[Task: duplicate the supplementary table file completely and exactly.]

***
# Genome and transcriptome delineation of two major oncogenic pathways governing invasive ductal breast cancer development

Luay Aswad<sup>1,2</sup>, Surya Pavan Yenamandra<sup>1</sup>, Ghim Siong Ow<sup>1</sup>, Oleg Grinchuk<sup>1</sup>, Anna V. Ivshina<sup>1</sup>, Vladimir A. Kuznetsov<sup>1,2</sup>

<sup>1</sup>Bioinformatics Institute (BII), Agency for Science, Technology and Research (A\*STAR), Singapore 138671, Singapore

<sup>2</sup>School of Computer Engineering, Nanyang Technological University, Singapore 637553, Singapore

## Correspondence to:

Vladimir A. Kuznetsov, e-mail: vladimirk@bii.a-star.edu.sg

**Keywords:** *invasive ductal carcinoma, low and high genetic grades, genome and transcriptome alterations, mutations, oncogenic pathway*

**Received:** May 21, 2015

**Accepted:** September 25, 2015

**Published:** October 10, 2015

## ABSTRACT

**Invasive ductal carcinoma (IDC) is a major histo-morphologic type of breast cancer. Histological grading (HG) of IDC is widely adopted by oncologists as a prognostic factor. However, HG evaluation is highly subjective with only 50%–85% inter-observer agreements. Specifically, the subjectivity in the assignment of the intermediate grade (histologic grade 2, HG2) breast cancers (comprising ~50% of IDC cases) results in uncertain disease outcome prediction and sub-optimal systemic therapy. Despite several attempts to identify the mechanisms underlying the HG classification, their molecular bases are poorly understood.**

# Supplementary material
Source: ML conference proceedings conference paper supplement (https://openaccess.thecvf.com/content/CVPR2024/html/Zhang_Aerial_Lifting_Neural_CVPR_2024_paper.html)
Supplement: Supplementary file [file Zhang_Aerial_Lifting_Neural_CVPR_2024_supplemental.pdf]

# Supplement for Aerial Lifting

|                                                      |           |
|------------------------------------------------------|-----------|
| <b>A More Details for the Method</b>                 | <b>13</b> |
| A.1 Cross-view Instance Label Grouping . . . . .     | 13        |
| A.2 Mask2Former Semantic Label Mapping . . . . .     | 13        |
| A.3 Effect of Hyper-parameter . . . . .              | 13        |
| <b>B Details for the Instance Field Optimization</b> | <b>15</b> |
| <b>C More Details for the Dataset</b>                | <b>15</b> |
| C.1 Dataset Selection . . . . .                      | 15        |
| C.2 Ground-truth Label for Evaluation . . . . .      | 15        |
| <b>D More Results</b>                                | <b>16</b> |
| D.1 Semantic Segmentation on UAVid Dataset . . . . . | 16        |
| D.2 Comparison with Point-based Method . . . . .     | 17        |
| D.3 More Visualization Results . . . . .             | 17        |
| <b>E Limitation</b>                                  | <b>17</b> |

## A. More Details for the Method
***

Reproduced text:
# Genome and transcriptome delineation of two major oncogenic pathways governing invasive ductal breast cancer development

Luay Aswad<sup>1,2</sup>, Surya Pavan Yenamandra<sup>1</sup>, Ghim Siong Ow<sup>1</sup>, Oleg Grinchuk<sup>1</sup>, Anna V. Ivshina<sup>1</sup>, Vladimir A. Kuznetsov<sup>1,2</sup>

<sup>1</sup>Bioinformatics Institute (BII), Agency for Science, Technology and Research (A\*STAR), Singapore 138671, Singapore

<sup>2</sup>School of Computer Engineering, Nanyang Technological University, Singapore 637553, Singapore

## Correspondence to:

Vladimir A. Kuznetsov, e-mail: vladimirk@bii.a-star.edu.sg

**Keywords:** *invasive ductal carcinoma, low and high genetic grades, genome and transcriptome alterations, mutations, oncogenic pathway*

**Received:** May 21, 2015

**Accepted:** September 25, 2015

**Published:** October 10, 2015

## ABSTRACT

**Invasive ductal carcinoma (IDC) is a major histo-morphologic type of breast cancer. Histological grading (HG) of IDC is widely adopted by oncologists as a prognostic factor. However, HG evaluation is highly subjective with only 50%–85% inter-observer agreements. Specifically, the subjectivity in the assignment of the intermediate grade (histologic grade 2, HG2) breast cancers (comprising ~50% of IDC cases) results in uncertain disease outcome prediction and sub-optimal systemic therapy. Despite several attempts to identify the mechanisms underlying the HG classification, their molecular bases are poorly understood.**

# Supplementary material
Source: ML conference proceedings conference paper supplement (https://openaccess.thecvf.com/content/CVPR2024/html/Zhang_Aerial_Lifting_Neural_CVPR_2024_paper.html)
Supplement: Supplementary file [file Zhang_Aerial_Lifting_Neural_CVPR_2024_supplemental.pdf]

# Supplement for Aerial Lifting

|                                                      |           |
|------------------------------------------------------|-----------|
| <b>A More Details for the Method</b>                 | <b>13</b> |
| A.1 Cross-view Instance Label Grouping . . . . .     | 13        |
| A.2 Mask2Former Semantic Label Mapping . . . . .     | 13        |
| A.3 Effect of Hyper-parameter . . . . .              | 13        |
| <b>B Details for the Instance Field Optimization</b> | <b>15</b> |
| <b>C More Details for the Dataset</b>                | <b>15</b> |
| C.1 Dataset Selection . . . . .                      | 15        |
| C.2 Ground-truth Label for Evaluation . . . . .      | 15        |
| <b>D More Results</b>                                | <b>16</b> |
| D.1 Semantic Segmentation on UAVid Dataset . . . . . | 16        |
| D.2 Comparison with Point-based Method . . . . .     | 17        |
| D.3 More Visualization Results . . . . .             | 17        |
| <b>E Limitation</b>                                  | <b>17</b> |

## A. More Details for the Method